The crazy thing is, between coughing fits, the person seems perfectly normal, and feels fine.  Which is part of the reason why this so often goes undiagnosed…the child doesn’t look or feel sick unless they start coughing, and, of course, they never, ever have a coughing fit at the doctors’ office.  In adults, whooping coughing may just seem to be a mild, persistent cough.  The “whoop” is uncommon in adults. (2)

Stage Four: Recovery or convalescent phase
The final stage is the recovery period, which can take up to six months.  Coughing fits begin to happen with less frequently and duration. (3) The lungs recover slowly, and the person is more susceptible to secondary infections because the protective cilia layer is gone.  Infections that do develop afterwards are going to stimulate similar coughing fits.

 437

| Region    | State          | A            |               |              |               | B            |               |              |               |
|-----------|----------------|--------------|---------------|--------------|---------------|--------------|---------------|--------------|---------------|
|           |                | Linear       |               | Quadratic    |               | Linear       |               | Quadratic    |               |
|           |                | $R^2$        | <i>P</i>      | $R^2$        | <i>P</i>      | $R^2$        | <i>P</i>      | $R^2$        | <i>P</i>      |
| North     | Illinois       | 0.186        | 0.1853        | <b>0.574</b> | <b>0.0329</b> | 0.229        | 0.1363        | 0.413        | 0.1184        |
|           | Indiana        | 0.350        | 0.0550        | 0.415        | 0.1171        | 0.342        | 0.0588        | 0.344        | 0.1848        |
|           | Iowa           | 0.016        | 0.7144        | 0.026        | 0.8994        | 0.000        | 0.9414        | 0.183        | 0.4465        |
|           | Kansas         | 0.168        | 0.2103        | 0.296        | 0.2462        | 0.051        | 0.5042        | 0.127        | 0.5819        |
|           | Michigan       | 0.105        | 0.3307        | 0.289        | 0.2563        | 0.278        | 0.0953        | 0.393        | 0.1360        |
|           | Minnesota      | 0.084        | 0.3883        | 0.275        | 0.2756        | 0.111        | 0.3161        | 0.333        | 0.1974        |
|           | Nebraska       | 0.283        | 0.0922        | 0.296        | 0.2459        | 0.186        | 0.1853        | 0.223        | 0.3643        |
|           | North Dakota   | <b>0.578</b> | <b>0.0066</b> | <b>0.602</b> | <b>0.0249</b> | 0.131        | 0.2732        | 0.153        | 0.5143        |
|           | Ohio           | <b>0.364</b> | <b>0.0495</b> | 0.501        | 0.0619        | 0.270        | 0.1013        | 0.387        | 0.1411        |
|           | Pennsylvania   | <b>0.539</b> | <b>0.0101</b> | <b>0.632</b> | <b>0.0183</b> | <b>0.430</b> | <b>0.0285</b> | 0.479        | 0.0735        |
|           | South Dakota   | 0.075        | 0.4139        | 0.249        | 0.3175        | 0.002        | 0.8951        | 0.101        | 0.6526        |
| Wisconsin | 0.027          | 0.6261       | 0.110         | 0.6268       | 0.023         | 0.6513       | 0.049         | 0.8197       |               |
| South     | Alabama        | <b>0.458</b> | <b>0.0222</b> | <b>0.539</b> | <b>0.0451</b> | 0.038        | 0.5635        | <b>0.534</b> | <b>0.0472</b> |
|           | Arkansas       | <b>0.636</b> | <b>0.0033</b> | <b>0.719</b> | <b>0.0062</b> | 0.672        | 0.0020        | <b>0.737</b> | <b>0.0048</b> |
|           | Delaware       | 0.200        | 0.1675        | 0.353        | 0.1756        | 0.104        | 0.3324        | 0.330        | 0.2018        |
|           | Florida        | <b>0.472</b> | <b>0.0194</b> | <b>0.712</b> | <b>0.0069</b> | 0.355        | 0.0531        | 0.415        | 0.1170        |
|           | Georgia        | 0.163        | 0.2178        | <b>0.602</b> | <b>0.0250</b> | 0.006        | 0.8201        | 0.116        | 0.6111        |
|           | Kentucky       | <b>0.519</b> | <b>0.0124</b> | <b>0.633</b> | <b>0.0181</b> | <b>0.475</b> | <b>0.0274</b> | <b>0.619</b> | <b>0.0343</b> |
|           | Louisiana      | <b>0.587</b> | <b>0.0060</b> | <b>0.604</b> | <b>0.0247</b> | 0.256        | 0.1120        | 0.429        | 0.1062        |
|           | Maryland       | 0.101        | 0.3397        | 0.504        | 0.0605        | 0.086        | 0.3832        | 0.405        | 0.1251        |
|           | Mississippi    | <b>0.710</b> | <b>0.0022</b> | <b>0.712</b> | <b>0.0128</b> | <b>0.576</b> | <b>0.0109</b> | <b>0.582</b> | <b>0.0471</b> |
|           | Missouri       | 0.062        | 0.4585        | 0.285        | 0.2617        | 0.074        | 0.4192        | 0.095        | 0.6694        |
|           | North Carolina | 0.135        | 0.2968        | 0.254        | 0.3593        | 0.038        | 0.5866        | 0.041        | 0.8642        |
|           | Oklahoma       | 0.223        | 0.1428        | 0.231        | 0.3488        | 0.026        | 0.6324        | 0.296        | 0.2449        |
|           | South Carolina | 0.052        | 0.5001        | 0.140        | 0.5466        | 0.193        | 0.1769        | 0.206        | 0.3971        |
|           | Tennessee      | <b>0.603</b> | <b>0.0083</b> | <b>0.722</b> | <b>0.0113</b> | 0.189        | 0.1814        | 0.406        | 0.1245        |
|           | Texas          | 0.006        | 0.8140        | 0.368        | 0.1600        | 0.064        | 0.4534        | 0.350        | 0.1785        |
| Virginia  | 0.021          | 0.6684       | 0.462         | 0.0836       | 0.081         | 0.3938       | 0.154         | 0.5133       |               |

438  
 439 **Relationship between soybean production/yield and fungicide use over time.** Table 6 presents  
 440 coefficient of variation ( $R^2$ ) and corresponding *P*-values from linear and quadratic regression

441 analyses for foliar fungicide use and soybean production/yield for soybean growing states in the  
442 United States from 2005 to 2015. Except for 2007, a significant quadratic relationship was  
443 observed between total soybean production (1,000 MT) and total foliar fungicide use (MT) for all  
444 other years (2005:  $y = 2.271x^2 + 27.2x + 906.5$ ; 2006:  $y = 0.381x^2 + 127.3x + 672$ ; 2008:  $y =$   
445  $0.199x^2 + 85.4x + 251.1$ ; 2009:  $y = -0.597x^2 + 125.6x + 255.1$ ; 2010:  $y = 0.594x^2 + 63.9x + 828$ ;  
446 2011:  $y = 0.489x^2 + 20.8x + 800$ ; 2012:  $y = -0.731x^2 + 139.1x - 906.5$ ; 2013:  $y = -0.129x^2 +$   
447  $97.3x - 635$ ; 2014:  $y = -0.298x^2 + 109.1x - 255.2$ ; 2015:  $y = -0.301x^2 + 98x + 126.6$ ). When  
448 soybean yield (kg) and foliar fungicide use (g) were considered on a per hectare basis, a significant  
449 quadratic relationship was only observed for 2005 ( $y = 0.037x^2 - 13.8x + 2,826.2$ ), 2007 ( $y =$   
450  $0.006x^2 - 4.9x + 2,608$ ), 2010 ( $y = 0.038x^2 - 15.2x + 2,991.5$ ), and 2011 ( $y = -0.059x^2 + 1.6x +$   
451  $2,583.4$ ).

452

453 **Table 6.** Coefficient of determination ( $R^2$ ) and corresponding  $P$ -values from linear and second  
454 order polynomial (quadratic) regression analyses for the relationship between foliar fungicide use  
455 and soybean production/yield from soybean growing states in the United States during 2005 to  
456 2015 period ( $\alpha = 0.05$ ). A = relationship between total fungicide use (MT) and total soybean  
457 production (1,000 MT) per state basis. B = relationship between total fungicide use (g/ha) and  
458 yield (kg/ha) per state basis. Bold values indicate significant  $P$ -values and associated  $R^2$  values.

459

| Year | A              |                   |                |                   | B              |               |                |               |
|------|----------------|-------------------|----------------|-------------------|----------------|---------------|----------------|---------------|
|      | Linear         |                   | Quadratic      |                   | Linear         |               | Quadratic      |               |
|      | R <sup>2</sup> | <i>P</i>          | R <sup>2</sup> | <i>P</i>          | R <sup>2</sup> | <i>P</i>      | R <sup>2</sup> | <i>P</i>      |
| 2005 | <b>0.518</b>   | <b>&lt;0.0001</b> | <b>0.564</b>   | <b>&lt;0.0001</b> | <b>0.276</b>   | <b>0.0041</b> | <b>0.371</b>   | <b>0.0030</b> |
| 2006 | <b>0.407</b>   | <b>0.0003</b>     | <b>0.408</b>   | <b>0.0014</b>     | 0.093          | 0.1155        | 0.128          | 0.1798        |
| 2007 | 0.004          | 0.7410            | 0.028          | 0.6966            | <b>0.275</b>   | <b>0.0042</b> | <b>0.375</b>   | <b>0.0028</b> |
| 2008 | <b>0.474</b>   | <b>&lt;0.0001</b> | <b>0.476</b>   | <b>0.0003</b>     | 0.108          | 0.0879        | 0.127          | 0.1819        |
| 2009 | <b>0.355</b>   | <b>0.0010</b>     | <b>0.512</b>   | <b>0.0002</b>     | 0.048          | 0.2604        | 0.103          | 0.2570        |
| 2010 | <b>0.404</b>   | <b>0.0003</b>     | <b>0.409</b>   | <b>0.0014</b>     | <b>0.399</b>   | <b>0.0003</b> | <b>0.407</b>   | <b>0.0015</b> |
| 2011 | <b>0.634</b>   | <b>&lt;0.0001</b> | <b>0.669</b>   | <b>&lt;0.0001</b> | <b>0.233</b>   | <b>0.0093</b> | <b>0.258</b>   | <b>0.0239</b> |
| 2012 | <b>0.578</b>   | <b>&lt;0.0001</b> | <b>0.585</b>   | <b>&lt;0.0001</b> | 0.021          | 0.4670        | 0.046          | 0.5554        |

Sources cited:

1.  Dr. Neal R.Chamberlain, http://www.atsu.edu/faculty/chamberlain/Website/lectures/lecture/reairin2.htm

2. http://www.jabfm.org/cgi/content/full/19/6/603 

Note: this study was funded by the “largest company in
the world devoted entirely to human vaccines.”  Just so you know.

3.  Essentials of Immunology and Serology, By Jacqueline Stanley, 2002  http://tiny.cc/n89sh

4.  Bacterial Toxins and Virulence Factors In Disease by Joel Moss, 2008 http://tinyurl.com/2a5c794

5.http://www.cdc.gov/pertussis/

6.  Whooping-cough; its pathology and treatment, By Thomas Michael Dolan, 1882  http://tinyurl.com/2asybrq
(obviously, very inaccurate with regards to pathology, but interesting in
regards to immunity and history of the disease)